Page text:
Qualified immunity: It’s a term percolating through the news media over recent weeks following the killing of George Floyd in Minneapolis police custody on May 25 and Breonna Taylor, shot and killed at home in Louisville, Kentucky, during a police drug raid on March 13 that netted no drugs.
The legal doctrine of qualified immunity, established in a 1967 U.S. Supreme Court case, says as long as government officials don’t break specific laws or violate constitutional rights while doing their jobs, they can’t be sued for monetary damages.
The doctrine doesn’t grant government officials immunity from paying damages — though they rarely do, research featured below finds. Qualified immunity is meant to protect officials from civil lawsuits being filed against them at all, according to the Legal Information Institute at Cornell Law School.
“The Supreme Court has described the doctrine as incredibly strong — protecting ‘all but the plainly incompetent or those who knowingly violate the law,’” writes University of California, Los Angeles law professor Joanna Schwartz in a Yale Law Journal article from September 2018.
Qualified immunity relies on a legal term of art — the government official needs to have violated a “clearly established” constitutional right. The Supreme Court has explained that whether a defendant violated a “clearly established” right depends on whether a “reasonable person” would have known about the constitutional right in question.
When courts apply qualified immunity, it’s usually early on in a case. A Reuters investigation from May identified more than three dozen civil suits from 2005 to 2018 relating to instances of police violence that were thrown out because there was no “clearly established” court precedent related to the specific police actions — even though the police conduct was deemed unlawful.
The doctrine could give civil cover to police officers involved in Taylor’s case, as some facts remain unsettled. For example, Taylor’s family and Louisville police dispute whether officers, despite having a no-knock warrant, identified themselves before using a battering ram to enter her apartment.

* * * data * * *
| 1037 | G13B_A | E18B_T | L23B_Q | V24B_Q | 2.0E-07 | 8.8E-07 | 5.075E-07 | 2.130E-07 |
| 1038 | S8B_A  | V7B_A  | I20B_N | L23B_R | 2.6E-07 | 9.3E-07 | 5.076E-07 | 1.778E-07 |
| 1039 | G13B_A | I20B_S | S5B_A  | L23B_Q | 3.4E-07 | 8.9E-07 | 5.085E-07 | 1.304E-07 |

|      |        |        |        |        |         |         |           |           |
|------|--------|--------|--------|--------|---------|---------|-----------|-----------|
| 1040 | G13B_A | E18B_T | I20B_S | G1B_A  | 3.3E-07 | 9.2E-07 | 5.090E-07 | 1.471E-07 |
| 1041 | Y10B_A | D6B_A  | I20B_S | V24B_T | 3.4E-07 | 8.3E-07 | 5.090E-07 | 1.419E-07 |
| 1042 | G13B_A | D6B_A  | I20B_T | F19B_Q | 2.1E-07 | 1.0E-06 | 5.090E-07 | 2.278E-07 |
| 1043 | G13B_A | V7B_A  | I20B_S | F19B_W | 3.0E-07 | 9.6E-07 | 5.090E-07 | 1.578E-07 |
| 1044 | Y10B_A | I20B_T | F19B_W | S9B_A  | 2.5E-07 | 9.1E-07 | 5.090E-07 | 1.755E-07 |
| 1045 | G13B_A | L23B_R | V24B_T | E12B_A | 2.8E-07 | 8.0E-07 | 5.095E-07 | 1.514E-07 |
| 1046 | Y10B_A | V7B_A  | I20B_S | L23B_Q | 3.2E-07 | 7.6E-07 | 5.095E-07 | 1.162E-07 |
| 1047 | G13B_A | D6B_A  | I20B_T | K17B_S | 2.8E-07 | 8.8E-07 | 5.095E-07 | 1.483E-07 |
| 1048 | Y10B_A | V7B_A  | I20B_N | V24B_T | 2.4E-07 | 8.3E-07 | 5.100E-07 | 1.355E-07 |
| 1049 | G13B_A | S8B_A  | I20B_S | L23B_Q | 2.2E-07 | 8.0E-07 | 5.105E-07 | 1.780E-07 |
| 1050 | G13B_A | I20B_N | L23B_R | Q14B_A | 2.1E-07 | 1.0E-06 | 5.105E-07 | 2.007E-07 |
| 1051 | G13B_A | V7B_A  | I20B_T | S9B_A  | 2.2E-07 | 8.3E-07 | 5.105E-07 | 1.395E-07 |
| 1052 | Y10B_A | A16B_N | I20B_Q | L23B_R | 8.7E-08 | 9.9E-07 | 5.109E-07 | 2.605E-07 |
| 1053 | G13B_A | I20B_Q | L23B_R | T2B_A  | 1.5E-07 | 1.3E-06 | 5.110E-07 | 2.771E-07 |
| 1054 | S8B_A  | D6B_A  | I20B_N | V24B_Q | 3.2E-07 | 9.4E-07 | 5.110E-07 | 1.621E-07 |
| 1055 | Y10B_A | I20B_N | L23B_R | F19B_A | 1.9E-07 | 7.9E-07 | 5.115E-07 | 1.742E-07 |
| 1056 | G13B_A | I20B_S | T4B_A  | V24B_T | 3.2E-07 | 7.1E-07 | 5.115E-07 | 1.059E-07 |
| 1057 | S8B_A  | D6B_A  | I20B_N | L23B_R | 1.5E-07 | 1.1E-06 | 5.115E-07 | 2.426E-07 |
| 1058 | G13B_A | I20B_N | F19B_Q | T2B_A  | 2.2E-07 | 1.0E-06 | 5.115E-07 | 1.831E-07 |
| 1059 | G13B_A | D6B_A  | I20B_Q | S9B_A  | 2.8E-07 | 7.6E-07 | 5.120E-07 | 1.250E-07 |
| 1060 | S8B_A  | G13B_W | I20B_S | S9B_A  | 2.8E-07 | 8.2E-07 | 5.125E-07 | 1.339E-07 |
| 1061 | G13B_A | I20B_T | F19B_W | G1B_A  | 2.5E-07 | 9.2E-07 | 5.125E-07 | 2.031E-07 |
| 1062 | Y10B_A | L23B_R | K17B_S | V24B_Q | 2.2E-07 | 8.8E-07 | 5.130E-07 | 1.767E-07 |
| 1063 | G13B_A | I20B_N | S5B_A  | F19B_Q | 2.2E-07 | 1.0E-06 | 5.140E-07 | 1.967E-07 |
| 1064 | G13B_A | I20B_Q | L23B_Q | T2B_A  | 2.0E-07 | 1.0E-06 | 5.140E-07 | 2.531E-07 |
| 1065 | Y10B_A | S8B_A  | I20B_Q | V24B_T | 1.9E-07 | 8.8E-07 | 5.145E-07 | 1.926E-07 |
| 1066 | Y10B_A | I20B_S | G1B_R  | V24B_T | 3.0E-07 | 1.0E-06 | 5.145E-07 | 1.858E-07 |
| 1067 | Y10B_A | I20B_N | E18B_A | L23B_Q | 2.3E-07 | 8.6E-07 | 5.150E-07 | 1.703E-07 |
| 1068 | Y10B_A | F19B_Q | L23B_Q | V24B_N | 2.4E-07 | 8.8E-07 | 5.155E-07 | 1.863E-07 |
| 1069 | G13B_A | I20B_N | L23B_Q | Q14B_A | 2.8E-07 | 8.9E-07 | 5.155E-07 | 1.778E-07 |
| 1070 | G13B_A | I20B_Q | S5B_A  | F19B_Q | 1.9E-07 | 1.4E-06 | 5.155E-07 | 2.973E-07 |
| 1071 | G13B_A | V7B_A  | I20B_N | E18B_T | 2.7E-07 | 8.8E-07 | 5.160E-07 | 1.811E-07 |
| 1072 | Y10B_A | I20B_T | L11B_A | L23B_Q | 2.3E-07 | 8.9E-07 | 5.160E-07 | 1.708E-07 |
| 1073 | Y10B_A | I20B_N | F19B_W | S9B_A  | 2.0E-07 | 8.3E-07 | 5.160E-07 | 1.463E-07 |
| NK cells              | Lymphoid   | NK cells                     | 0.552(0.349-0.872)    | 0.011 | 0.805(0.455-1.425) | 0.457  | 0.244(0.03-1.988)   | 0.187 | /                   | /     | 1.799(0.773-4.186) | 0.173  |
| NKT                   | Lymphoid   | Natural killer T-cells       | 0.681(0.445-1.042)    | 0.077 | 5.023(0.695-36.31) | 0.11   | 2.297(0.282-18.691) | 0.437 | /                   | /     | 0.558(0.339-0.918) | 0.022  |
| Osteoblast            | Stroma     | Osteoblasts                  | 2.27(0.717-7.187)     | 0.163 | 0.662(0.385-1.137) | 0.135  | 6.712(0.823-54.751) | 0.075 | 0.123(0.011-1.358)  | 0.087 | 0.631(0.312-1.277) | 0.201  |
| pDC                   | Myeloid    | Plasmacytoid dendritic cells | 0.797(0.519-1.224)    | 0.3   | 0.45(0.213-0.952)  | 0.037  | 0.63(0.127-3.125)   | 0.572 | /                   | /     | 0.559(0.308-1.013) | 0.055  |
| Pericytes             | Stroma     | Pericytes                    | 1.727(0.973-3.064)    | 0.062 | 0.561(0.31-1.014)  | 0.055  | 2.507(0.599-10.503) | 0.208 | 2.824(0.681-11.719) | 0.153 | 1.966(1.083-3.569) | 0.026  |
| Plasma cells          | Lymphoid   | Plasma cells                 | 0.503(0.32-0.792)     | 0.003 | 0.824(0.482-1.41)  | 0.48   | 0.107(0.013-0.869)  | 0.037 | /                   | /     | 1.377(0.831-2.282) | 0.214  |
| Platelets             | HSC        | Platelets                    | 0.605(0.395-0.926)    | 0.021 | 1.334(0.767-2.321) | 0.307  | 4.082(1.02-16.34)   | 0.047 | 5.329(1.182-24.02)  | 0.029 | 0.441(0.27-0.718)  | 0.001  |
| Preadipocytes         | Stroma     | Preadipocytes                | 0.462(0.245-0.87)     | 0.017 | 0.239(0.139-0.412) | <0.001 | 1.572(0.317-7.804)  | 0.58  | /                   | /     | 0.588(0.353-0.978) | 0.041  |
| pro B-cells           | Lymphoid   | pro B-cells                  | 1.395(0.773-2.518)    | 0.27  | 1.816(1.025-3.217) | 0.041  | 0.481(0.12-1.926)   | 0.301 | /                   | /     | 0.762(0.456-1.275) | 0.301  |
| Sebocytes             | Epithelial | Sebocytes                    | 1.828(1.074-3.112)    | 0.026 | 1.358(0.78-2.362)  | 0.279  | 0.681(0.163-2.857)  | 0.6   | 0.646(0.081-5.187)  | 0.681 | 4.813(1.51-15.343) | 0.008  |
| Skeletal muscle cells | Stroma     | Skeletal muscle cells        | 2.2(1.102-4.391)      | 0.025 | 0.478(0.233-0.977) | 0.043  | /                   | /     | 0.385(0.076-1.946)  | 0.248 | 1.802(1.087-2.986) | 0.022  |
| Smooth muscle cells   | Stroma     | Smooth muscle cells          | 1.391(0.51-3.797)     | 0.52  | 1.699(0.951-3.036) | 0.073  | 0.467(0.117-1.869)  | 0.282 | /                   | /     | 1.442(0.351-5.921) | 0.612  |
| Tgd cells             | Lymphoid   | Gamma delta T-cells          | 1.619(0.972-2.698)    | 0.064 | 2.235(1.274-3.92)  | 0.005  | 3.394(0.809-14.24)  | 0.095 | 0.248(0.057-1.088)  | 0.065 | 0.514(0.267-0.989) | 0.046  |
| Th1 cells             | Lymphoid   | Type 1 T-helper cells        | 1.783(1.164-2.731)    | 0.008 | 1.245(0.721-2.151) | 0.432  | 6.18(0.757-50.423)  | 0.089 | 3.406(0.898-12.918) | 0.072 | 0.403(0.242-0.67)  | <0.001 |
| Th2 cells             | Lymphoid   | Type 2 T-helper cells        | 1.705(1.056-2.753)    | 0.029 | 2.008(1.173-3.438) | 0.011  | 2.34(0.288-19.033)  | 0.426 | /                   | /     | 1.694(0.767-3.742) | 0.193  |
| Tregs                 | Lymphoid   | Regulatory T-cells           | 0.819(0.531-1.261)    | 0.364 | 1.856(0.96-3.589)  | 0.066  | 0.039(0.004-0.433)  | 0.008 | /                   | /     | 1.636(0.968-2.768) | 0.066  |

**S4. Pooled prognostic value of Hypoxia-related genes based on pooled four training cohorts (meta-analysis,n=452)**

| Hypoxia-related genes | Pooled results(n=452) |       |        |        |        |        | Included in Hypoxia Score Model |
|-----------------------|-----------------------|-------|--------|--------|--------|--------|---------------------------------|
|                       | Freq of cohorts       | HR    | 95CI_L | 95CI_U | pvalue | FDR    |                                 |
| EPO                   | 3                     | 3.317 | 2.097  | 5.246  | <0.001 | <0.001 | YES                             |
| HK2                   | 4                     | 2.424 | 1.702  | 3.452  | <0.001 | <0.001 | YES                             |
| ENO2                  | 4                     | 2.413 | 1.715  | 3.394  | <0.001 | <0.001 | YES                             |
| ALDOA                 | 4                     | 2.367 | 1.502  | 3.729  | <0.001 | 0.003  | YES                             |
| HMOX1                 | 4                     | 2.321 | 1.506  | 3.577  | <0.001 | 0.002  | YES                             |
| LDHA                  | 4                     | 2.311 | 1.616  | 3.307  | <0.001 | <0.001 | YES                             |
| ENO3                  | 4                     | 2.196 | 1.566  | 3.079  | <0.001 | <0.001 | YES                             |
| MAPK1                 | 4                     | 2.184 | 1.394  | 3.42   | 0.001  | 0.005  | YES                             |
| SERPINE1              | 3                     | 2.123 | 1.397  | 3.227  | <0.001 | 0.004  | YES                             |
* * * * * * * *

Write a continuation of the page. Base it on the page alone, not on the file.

Over the past decade, legal scholars have written dozens of articles on qualified immunity — some in favor of abolishing it, some exploring whether it’s unlawful and some offering ways the Supreme Court could improve the doctrine without scrapping it outright. These articles can provide context on qualified immunity, and they’re a good way to find legal scholars with expertise on the issue.
Aside from legal analyses, Journalist’s Resource wanted to know whether any data-driven analyses were available on qualified immunity — especially considering the Supreme Court will soon review petitions in eight relevant cases. We identified four recent law review articles that between them analyze thousands of qualified immunity cases.
Law reviews are scholarly publications, but they differ from peer-reviewed journals in that their editors are often law students and faculty members of the school that publishes them. Law review articles may offer criticism and commentary on new or controversial legal issues. Law students often write law review articles, but the articles below were written by professors. They offer these takeaways: